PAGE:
Don't ignore the warnings from the OFT cover pricing investigation

 The unprecedented fines levied by the Office of Fair Trading on the 103 building companies declared guilty of involvement in cover pricing has sent a shockwave through a construction industry already reeling from the worst recession in memory. With individual fines up to £18m the firms involved have been hit hard.

Predictably the general media and their readers have latched on to the investigation and decided that the size of the fine represents the measure of guilt but closer examination shows that it isn't quite so straight forward. An unusual formula that includes the last three jobs involved in cover pricing and the proportion of that market sector in the turnover in the business means that one firm might have a million pound firm and another might have a hundred thousand even though the offences appear the same. On top of that some firms received leniency providing that they actually knew that they could apply before deadline expired, unlike Kier who at the time of writing is still 'considering its position'. We might not have heard the last of this affair.

But what about the other firms? Cover pricing is, or at least was, standard practice throughout the construction industry simply because contractors want to remain on clients and project managers tender lists. So in a way the OFT investigation has highlighted fundamental problems within the clients procurement process. The OFT has not been able to quantify any loss yet they are encouraging clients to sue the 'guilty' contractors. Controversially, the investigation was geographically and time limited meaning that those outside the area or a day past the deadline weren't included in investigations or sanctions. Contractors on the west of the Pennines escaped investigation while those on the east did not. This raises an obvious and deeply ironic point about the OFT actually creating an unfair market.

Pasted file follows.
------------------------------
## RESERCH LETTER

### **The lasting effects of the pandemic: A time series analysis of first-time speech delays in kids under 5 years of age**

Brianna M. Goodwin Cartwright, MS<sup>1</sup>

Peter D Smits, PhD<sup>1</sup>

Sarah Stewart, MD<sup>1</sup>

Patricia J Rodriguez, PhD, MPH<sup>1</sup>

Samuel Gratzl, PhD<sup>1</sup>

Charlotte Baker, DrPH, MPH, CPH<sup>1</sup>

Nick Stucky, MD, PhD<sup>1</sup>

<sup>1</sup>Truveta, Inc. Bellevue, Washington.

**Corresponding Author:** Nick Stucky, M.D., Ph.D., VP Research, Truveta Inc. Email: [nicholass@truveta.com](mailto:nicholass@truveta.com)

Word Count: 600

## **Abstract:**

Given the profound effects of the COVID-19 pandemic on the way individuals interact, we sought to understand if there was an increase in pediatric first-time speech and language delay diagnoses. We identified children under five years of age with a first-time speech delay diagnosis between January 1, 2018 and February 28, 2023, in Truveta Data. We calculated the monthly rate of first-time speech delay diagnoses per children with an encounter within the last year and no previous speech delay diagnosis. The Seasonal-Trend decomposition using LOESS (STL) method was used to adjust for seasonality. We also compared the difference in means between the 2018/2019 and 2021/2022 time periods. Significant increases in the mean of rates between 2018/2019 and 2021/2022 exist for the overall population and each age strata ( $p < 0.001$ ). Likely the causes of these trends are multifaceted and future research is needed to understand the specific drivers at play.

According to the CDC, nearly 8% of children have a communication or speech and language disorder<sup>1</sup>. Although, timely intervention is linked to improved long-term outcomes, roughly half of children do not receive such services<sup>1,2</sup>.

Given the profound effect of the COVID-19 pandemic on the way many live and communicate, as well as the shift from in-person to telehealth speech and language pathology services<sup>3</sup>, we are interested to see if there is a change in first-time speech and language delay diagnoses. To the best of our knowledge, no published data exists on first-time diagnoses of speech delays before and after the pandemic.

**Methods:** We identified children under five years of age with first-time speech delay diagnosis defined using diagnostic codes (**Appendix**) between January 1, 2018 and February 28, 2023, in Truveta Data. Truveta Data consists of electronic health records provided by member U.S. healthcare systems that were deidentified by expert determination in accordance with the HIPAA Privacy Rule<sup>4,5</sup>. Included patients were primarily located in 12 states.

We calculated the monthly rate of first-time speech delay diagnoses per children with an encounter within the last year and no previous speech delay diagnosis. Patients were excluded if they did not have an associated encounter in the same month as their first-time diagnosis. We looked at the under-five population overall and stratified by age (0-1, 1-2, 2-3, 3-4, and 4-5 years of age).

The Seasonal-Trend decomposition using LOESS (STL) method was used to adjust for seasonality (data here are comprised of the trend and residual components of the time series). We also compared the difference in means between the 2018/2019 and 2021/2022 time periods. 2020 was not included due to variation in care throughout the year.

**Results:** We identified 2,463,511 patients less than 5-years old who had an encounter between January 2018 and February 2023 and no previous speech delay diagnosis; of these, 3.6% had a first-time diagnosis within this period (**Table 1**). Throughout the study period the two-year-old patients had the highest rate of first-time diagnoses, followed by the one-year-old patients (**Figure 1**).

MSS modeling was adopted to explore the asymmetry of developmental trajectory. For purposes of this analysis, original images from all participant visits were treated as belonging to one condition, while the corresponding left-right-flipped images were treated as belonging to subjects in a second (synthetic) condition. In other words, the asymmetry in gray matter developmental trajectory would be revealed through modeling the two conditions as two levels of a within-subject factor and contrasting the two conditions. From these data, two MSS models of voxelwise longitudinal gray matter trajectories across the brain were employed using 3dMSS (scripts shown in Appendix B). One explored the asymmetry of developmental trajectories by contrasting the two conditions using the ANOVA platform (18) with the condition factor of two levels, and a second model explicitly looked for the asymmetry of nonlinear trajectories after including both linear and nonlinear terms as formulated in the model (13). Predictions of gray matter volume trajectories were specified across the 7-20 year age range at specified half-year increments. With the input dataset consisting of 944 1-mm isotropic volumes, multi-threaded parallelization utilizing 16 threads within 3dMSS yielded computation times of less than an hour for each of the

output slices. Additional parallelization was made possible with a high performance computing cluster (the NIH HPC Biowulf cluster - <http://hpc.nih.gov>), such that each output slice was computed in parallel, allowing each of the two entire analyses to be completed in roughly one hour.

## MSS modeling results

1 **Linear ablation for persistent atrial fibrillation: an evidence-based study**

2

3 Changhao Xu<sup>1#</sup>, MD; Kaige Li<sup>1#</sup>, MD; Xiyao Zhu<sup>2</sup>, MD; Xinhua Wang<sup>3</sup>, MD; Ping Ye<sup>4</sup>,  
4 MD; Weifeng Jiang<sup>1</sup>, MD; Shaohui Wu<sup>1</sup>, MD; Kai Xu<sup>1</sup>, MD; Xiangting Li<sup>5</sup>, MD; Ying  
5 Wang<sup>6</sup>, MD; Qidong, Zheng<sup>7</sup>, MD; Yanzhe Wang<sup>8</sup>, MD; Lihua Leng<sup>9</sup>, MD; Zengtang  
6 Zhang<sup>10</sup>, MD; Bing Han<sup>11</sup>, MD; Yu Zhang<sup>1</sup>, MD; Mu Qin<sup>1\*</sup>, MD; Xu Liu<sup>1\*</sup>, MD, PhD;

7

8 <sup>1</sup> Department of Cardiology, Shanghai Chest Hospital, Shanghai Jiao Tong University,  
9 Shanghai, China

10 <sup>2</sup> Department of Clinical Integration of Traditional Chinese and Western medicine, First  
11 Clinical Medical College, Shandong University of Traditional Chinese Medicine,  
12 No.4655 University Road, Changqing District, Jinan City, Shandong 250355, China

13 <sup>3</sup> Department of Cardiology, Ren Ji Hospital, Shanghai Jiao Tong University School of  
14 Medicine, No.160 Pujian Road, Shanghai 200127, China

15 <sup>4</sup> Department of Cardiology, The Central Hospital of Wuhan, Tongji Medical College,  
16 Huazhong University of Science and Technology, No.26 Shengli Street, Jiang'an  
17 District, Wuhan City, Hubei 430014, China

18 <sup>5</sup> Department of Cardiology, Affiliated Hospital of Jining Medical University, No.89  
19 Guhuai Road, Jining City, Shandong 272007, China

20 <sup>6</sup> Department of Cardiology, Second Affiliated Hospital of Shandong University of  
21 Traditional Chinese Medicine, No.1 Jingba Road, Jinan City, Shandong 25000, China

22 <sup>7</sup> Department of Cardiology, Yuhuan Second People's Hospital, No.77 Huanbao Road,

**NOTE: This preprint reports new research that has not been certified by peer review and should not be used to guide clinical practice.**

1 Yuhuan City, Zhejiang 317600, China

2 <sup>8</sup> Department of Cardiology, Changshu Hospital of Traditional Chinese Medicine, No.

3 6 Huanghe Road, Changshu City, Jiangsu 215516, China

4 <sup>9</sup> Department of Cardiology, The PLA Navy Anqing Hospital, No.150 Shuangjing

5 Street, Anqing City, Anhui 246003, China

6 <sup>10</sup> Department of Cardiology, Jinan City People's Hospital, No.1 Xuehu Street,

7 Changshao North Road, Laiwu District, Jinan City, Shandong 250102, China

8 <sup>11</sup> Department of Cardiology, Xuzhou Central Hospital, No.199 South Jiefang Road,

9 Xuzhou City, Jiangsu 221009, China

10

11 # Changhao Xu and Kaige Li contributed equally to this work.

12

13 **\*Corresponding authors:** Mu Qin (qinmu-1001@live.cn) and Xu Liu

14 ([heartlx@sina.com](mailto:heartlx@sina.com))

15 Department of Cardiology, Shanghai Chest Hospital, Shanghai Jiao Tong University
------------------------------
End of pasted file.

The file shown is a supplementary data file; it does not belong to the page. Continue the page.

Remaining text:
In their note to procurers the OFT themselves state that;
the endemic nature of the practice within the industry suggests that many other companies are likely to have been involved in bid rigging, even though such activity remained undetected. For this reason, it cannot be assumed that the Parties are the only companies that may have engaged in cover pricing.

Don't assume that those that received a fine were any more guilty than those who did not. They are now more likely to have strong internal procedures to avoid future problems. It might go against their natural inclination but clients and contract managers must take care when considering tender lists to ensure that firms aren't excluded without a valid reason. The OFT and Office of Government Commerce have been very clear.

Check the guidance issued by the OFT, OGC and and OECD and ensure that tendering contractors know that they can say no without fear of being excluded from the next tender list. A transparent and equitable contract procurement process should ensure that all parties get the best price, performance and ongoing relationship well into the future.